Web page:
Several years ago when I spent those few months in Storrington, the new and young parish priest told a story at Sunday Mass which I told myself as a young priest, and I’m sure some of you have heard it at least once.  Clearly, it has become a classic story to tell at Sunday Mass from time to time.  It’s the story about an elderly woman who crossed the Brazilian border with Peru each day on a motor scooter, with a sack of sand strapped to her back.  The customs officer eventually became suspicious and asked her what she had in the sack.  ‘Only sand’ came the reply.  The officer emptied the sack and, sure enough, all he found was sand.  And so on it went month after month; the woman would drive up on a scooter each day with a sack of sand strapped to her back.  After a while the border guard became curious as to what her true mission was each day and, after promising not to report her to the police, asked her if she was really smuggling.  ‘Yes, I am smuggling’, she said.  ‘But what?’ the officer asked bewildered; “I’m smuggling Motor Scooters!”  No matter how many times you hear that well-worn story, you still have to smile!

I think the story has become a classic, because it illustrates well how we can be led, by what we see or hear, in completely the wrong direction.  Our minds race ahead of our senses so that we draw the wrong conclusions, and we fool ourselves.  The poor border guard had his suspicions drawn to the bag of sand strapped to the woman’s back which, as it happens, turns out to be entirely innocent.  And yet he paid no attention at all to the numerous different motor scooters on which she was riding each day.

Every so often, we need to be nudged away from our usual ways of thinking if we are to avoid making bad mistakes.  All of us need to re-assess our way of looking at life.  And, in today’s Gospel, Our Lord calls us, once again, to re-think our way of living.  In effect he says: Look again, because things are not always what they seem.  It may be quiet and peaceful at the moment, but at a time you do not expect the Son of Man will return, like a thief in the night.  And you can all imagine the dreadful feeling of waking up in the middle of a blissful sleep to find a burglar rummaging through your house.  In the same way, will Our Lord’s Second Coming send you into a blind panic?  I certainly hope not.  I hope it’s something you are constantly preparing for.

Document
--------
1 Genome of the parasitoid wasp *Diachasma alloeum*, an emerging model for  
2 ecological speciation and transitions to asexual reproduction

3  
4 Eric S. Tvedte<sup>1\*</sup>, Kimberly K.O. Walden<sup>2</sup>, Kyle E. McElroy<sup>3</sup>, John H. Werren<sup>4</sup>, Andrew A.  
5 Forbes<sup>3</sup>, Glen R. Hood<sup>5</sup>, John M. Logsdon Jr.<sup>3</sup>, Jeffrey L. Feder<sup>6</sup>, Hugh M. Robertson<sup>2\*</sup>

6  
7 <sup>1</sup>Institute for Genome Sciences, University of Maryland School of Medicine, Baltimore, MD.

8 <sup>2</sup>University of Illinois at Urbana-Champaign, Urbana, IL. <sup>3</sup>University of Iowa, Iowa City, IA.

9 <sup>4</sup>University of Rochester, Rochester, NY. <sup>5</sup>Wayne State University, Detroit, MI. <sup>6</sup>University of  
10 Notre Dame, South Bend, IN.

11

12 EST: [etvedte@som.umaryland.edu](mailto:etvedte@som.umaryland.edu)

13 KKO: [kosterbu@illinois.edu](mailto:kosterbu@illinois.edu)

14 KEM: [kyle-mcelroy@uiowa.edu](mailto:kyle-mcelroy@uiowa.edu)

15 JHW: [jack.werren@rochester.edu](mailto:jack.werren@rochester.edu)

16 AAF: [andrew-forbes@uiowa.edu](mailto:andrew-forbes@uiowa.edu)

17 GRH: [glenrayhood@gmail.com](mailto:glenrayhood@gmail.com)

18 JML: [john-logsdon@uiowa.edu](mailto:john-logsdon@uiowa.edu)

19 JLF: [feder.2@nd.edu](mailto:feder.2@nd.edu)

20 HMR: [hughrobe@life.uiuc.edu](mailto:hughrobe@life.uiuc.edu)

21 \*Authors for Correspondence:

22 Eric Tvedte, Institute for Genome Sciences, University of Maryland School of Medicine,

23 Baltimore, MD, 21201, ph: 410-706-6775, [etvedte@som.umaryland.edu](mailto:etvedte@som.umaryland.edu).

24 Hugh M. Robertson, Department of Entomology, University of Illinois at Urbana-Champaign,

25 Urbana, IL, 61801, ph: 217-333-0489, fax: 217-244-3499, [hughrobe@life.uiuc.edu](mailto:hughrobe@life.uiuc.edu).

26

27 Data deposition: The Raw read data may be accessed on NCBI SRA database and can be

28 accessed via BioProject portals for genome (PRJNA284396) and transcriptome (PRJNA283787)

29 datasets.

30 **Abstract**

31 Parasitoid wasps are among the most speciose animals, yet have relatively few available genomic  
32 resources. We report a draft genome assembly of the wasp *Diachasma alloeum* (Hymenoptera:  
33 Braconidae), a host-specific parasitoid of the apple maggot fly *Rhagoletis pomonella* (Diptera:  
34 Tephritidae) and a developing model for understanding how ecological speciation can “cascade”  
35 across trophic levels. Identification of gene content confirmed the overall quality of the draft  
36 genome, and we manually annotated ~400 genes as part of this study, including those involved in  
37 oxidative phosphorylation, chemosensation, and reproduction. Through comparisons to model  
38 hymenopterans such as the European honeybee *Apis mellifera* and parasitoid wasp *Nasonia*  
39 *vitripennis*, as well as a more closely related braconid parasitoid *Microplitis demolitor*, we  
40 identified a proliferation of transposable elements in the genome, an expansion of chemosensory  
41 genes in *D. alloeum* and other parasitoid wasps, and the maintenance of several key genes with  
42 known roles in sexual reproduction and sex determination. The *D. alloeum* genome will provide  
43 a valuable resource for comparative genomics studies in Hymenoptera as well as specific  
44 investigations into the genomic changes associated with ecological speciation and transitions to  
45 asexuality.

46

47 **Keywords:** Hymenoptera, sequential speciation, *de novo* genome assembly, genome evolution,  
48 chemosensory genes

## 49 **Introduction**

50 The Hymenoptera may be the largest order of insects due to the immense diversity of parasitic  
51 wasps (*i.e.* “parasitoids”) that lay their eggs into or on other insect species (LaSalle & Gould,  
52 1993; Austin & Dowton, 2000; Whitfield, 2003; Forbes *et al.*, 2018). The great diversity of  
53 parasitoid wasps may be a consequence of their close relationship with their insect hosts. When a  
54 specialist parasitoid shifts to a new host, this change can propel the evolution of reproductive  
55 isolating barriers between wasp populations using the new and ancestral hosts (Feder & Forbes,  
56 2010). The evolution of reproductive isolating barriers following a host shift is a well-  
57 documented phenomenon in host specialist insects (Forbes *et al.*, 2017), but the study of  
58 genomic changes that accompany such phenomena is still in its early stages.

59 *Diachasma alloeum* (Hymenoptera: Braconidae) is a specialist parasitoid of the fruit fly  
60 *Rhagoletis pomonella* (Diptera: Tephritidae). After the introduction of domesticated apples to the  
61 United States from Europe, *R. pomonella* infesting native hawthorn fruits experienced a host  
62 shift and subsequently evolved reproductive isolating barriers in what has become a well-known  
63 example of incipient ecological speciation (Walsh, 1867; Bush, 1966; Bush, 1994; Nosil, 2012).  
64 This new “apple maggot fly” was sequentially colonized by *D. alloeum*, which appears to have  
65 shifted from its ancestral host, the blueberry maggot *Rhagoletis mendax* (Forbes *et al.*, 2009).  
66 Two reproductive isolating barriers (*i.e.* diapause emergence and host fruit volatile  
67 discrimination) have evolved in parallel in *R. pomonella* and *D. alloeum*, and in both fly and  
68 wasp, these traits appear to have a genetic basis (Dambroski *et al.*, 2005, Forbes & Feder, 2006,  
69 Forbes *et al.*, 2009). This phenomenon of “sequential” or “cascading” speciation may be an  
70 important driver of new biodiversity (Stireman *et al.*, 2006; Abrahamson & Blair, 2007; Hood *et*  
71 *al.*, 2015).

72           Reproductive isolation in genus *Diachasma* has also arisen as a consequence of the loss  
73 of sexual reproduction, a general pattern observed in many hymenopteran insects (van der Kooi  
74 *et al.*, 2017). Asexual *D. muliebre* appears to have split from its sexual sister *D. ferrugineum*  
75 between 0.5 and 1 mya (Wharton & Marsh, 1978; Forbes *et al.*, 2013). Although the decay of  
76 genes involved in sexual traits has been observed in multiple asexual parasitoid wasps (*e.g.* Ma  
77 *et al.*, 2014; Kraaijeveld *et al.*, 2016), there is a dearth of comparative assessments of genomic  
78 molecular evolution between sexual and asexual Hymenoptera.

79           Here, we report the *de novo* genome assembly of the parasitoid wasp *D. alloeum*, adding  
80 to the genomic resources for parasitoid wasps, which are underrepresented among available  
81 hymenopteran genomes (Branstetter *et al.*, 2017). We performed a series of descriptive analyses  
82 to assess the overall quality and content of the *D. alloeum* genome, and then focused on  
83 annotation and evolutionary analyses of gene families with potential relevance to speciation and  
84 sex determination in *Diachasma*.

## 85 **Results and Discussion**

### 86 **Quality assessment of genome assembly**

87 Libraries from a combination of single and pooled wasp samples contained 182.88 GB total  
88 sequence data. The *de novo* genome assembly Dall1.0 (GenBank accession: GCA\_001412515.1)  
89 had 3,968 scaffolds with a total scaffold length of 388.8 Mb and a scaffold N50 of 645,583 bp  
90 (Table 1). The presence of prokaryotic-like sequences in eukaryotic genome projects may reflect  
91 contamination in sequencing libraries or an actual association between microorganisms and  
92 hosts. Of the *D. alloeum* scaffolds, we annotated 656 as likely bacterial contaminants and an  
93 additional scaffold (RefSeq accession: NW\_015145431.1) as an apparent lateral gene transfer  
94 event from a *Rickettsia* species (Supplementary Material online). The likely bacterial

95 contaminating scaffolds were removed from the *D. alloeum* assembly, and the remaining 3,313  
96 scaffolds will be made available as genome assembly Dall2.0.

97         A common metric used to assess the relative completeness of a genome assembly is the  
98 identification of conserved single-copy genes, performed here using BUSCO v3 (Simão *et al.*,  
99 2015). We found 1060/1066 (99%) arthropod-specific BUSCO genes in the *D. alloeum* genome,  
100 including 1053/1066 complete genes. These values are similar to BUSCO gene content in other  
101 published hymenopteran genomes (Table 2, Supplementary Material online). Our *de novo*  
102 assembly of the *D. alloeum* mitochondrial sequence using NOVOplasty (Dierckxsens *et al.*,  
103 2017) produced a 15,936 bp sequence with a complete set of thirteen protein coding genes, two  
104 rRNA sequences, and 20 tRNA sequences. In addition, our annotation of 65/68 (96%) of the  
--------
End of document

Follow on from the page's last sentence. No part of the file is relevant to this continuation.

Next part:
Whatever faith we possess is a gratuitous gift from God, and it enables us to view life in a totally new way: in fact, faith enables us to see life as Christ sees it.  Now, faith doesn’t demand that we dispense with all human and rational ways of thinking, but it does demand a vision that goes beyond the usual human patterns of thought.

Our faith is firmly founded on Sacred Scripture.  The parchments that the evangelists and disciples used to record the events of Our Lord’s life have, in the most part, long since disappeared.  And it’s highly unlikely that after such a long time any other original documentation will ever be discovered.  But there can be no doubt at all that what we read today in the Scriptures and particularly in the four gospels is substantially what Matthew, Mark, Luke and John wrote.  No serious scripture scholar would dispute that.  And in the today’s gospel we find a sentence of Our Lord that is one of the earliest ever to be recorded, a mere 20 years after his death: “The Son of Man is coming at an hour you do not expect.”

Our faith is founded on scripture, but it’s also founded on history.  Just as the writer to the Hebrews in today’s second reading found sound evidence in the Old Testament for his belief in Christ, so we, in the history of the Church, find every reason to accept Our Lord’s claims as true.  The success of the disciples after our Lord’s Resurrection and the continuing proofs of holiness in the Church since then, suggest the reasonableness of our present-day conviction that Christ is truly risen from the dead.

And yet the evidence of the scriptures and the evidence of history are there for all to see, yet many do not accept the evidence.  Even some Catholics twist the evidence to suit their own purposes.  Some people in good conscience have examined the evidence in a scholarly way and yet they just cannot accept and they cannot believe that Jesus Christ is God.  They see the evidence but they do not believe.  And so, there is a great gulf between seeing and believing.

When all is said and done faith remains a gift from God.  And faith is not given to everyone.  Certainly faith is founded on solid evidence, but we can only say “I believe” because we have allowed God to nudge us away from the customary way of thinking and we have accepted that vision of life offered by Our Lord and Saviour Jesus Christ.  It’s a vision inspired by the words of Our Lord in today’s Gospel who assures us that everything is not what it seems.

Why we have been given the gift of faith and others have not we can never know; but faith is given to us not only for our own benefit but also for the benefit of everyone.  Faith is not a gift like a treasure to be hoarded, but to be freely and generously shared with everyone we meet.  When we leave here after Mass today the Church expects us to share our faith among the people with whom we live and share our lives.

And I am quite sure that if we all made much more use of our faith more people in the world would believe; as Our Lord tells us: “When a man has had a great deal given to him on trust, even more will be expected of him”.  We have been given the great gift of faith on trust.  How do we use that gift?  Do we use the gift?  Have we nudged anyone recently into a new way of thinking?  Have we surprised anyone with the way we have used the gift of faith?


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